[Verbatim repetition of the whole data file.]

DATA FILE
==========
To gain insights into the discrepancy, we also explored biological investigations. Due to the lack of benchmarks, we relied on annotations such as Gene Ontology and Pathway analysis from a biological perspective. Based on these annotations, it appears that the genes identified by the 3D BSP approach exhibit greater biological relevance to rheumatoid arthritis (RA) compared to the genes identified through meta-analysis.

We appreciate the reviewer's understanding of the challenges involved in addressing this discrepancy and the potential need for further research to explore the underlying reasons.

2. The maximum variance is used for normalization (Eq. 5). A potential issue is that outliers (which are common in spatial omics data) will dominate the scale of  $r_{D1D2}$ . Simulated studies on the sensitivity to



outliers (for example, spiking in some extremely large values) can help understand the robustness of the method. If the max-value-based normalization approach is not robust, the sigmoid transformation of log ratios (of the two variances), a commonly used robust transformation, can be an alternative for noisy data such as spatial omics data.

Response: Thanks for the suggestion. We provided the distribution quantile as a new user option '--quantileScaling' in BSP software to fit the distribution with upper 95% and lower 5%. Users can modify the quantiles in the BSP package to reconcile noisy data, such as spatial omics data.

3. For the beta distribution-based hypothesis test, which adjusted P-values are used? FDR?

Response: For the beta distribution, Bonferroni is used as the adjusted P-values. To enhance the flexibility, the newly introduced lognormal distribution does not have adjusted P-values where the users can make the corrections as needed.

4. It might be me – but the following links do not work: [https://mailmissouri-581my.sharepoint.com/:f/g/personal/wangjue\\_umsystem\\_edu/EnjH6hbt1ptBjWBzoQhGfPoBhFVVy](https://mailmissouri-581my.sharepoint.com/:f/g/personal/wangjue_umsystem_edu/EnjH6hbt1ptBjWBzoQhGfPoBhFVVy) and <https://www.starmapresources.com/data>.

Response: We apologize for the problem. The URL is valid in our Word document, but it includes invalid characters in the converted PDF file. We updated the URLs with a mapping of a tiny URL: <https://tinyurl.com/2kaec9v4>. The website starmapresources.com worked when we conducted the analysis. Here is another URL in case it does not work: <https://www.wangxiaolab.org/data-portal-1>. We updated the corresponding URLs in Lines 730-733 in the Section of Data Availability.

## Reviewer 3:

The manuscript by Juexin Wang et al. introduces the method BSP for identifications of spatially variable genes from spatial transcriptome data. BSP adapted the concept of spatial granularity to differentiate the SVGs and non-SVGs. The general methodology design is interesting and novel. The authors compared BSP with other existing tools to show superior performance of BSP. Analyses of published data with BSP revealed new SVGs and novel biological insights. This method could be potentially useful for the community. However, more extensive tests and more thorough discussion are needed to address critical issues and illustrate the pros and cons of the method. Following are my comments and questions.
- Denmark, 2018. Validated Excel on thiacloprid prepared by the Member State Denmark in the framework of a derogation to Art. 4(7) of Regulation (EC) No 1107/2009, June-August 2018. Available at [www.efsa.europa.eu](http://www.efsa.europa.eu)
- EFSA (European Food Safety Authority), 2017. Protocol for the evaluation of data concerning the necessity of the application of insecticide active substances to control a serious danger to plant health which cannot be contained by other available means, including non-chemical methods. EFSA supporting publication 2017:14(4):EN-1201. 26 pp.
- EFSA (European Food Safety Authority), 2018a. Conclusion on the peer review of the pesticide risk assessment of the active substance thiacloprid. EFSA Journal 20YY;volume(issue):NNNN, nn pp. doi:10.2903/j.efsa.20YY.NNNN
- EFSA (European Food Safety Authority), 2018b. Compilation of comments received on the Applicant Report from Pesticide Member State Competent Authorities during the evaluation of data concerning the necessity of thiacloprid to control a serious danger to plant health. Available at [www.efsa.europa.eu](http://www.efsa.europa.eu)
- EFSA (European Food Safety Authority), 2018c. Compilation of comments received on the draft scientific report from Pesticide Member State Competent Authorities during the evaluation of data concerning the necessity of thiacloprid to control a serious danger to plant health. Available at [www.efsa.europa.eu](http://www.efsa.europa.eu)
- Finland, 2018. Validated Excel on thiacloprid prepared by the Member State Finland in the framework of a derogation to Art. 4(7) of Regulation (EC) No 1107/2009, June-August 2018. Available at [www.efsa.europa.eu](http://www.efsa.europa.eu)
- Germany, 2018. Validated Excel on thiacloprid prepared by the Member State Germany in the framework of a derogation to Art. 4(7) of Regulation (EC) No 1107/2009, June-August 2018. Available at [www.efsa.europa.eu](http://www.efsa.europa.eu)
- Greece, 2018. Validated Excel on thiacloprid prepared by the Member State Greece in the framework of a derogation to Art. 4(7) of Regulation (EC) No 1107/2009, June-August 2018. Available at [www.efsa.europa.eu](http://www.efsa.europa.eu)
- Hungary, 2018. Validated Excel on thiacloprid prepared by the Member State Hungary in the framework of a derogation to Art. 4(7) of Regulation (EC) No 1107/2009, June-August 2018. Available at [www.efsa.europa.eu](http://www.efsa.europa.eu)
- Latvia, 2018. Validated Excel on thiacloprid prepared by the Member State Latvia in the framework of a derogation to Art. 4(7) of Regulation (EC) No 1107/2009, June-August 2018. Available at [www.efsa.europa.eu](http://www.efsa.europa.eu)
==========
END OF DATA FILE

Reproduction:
To gain insights into the discrepancy, we also explored biological investigations. Due to the lack of benchmarks, we relied on annotations such as Gene Ontology and Pathway analysis from a biological perspective. Based on these annotations, it appears that the genes identified by the 3D BSP approach exhibit greater biological relevance to rheumatoid arthritis (RA) compared to the genes identified through meta-analysis.

We appreciate the reviewer's understanding of the challenges involved in addressing this discrepancy and the potential need for further research to explore the underlying reasons.

2. The maximum variance is used for normalization (Eq. 5). A potential issue is that outliers (which are common in spatial omics data) will dominate the scale of  $r_{D1D2}$ . Simulated studies on the sensitivity to



outliers (for example, spiking in some extremely large values) can help understand the robustness of the method. If the max-value-based normalization approach is not robust, the sigmoid transformation of log ratios (of the two variances), a commonly used robust transformation, can be an alternative for noisy data such as spatial omics data.

Response: Thanks for the suggestion. We provided the distribution quantile as a new user option '--quantileScaling' in BSP software to fit the distribution with upper 95% and lower 5%. Users can modify the quantiles in the BSP package to reconcile noisy data, such as spatial omics data.

3. For the beta distribution-based hypothesis test, which adjusted P-values are used? FDR?

Response: For the beta distribution, Bonferroni is used as the adjusted P-values. To enhance the flexibility, the newly introduced lognormal distribution does not have adjusted P-values where the users can make the corrections as needed.

4. It might be me – but the following links do not work: [https://mailmissouri-581my.sharepoint.com/:f/g/personal/wangjue\\_umsystem\\_edu/EnjH6hbt1ptBjWBzoQhGfPoBhFVVy](https://mailmissouri-581my.sharepoint.com/:f/g/personal/wangjue_umsystem_edu/EnjH6hbt1ptBjWBzoQhGfPoBhFVVy) and <https://www.starmapresources.com/data>.

Response: We apologize for the problem. The URL is valid in our Word document, but it includes invalid characters in the converted PDF file. We updated the URLs with a mapping of a tiny URL: <https://tinyurl.com/2kaec9v4>. The website starmapresources.com worked when we conducted the analysis. Here is another URL in case it does not work: <https://www.wangxiaolab.org/data-portal-1>. We updated the corresponding URLs in Lines 730-733 in the Section of Data Availability.

## Reviewer 3:

The manuscript by Juexin Wang et al. introduces the method BSP for identifications of spatially variable genes from spatial transcriptome data. BSP adapted the concept of spatial granularity to differentiate the SVGs and non-SVGs. The general methodology design is interesting and novel. The authors compared BSP with other existing tools to show superior performance of BSP. Analyses of published data with BSP revealed new SVGs and novel biological insights. This method could be potentially useful for the community. However, more extensive tests and more thorough discussion are needed to address critical issues and illustrate the pros and cons of the method. Following are my comments and questions.
- Denmark, 2018. Validated Excel on thiacloprid prepared by the Member State Denmark in the framework of a derogation to Art. 4(7) of Regulation (EC) No 1107/2009, June-August 2018. Available at [www.efsa.europa.eu](http://www.efsa.europa.eu)
- EFSA (European Food Safety Authority), 2017. Protocol for the evaluation of data concerning the necessity of the application of insecticide active substances to control a serious danger to plant health which cannot be contained by other available means, including non-chemical methods. EFSA supporting publication 2017:14(4):EN-1201. 26 pp.
- EFSA (European Food Safety Authority), 2018a. Conclusion on the peer review of the pesticide risk assessment of the active substance thiacloprid. EFSA Journal 20YY;volume(issue):NNNN, nn pp. doi:10.2903/j.efsa.20YY.NNNN
- EFSA (European Food Safety Authority), 2018b. Compilation of comments received on the Applicant Report from Pesticide Member State Competent Authorities during the evaluation of data concerning the necessity of thiacloprid to control a serious danger to plant health. Available at [www.efsa.europa.eu](http://www.efsa.europa.eu)
- EFSA (European Food Safety Authority), 2018c. Compilation of comments received on the draft scientific report from Pesticide Member State Competent Authorities during the evaluation of data concerning the necessity of thiacloprid to control a serious danger to plant health. Available at [www.efsa.europa.eu](http://www.efsa.europa.eu)
- Finland, 2018. Validated Excel on thiacloprid prepared by the Member State Finland in the framework of a derogation to Art. 4(7) of Regulation (EC) No 1107/2009, June-August 2018. Available at [www.efsa.europa.eu](http://www.efsa.europa.eu)
- Germany, 2018. Validated Excel on thiacloprid prepared by the Member State Germany in the framework of a derogation to Art. 4(7) of Regulation (EC) No 1107/2009, June-August 2018. Available at [www.efsa.europa.eu](http://www.efsa.europa.eu)
- Greece, 2018. Validated Excel on thiacloprid prepared by the Member State Greece in the framework of a derogation to Art. 4(7) of Regulation (EC) No 1107/2009, June-August 2018. Available at [www.efsa.europa.eu](http://www.efsa.europa.eu)
- Hungary, 2018. Validated Excel on thiacloprid prepared by the Member State Hungary in the framework of a derogation to Art. 4(7) of Regulation (EC) No 1107/2009, June-August 2018. Available at [www.efsa.europa.eu](http://www.efsa.europa.eu)
- Latvia, 2018. Validated Excel on thiacloprid prepared by the Member State Latvia in the framework of a derogation to Art. 4(7) of Regulation (EC) No 1107/2009, June-August 2018. Available at [www.efsa.europa.eu](http://www.efsa.europa.eu)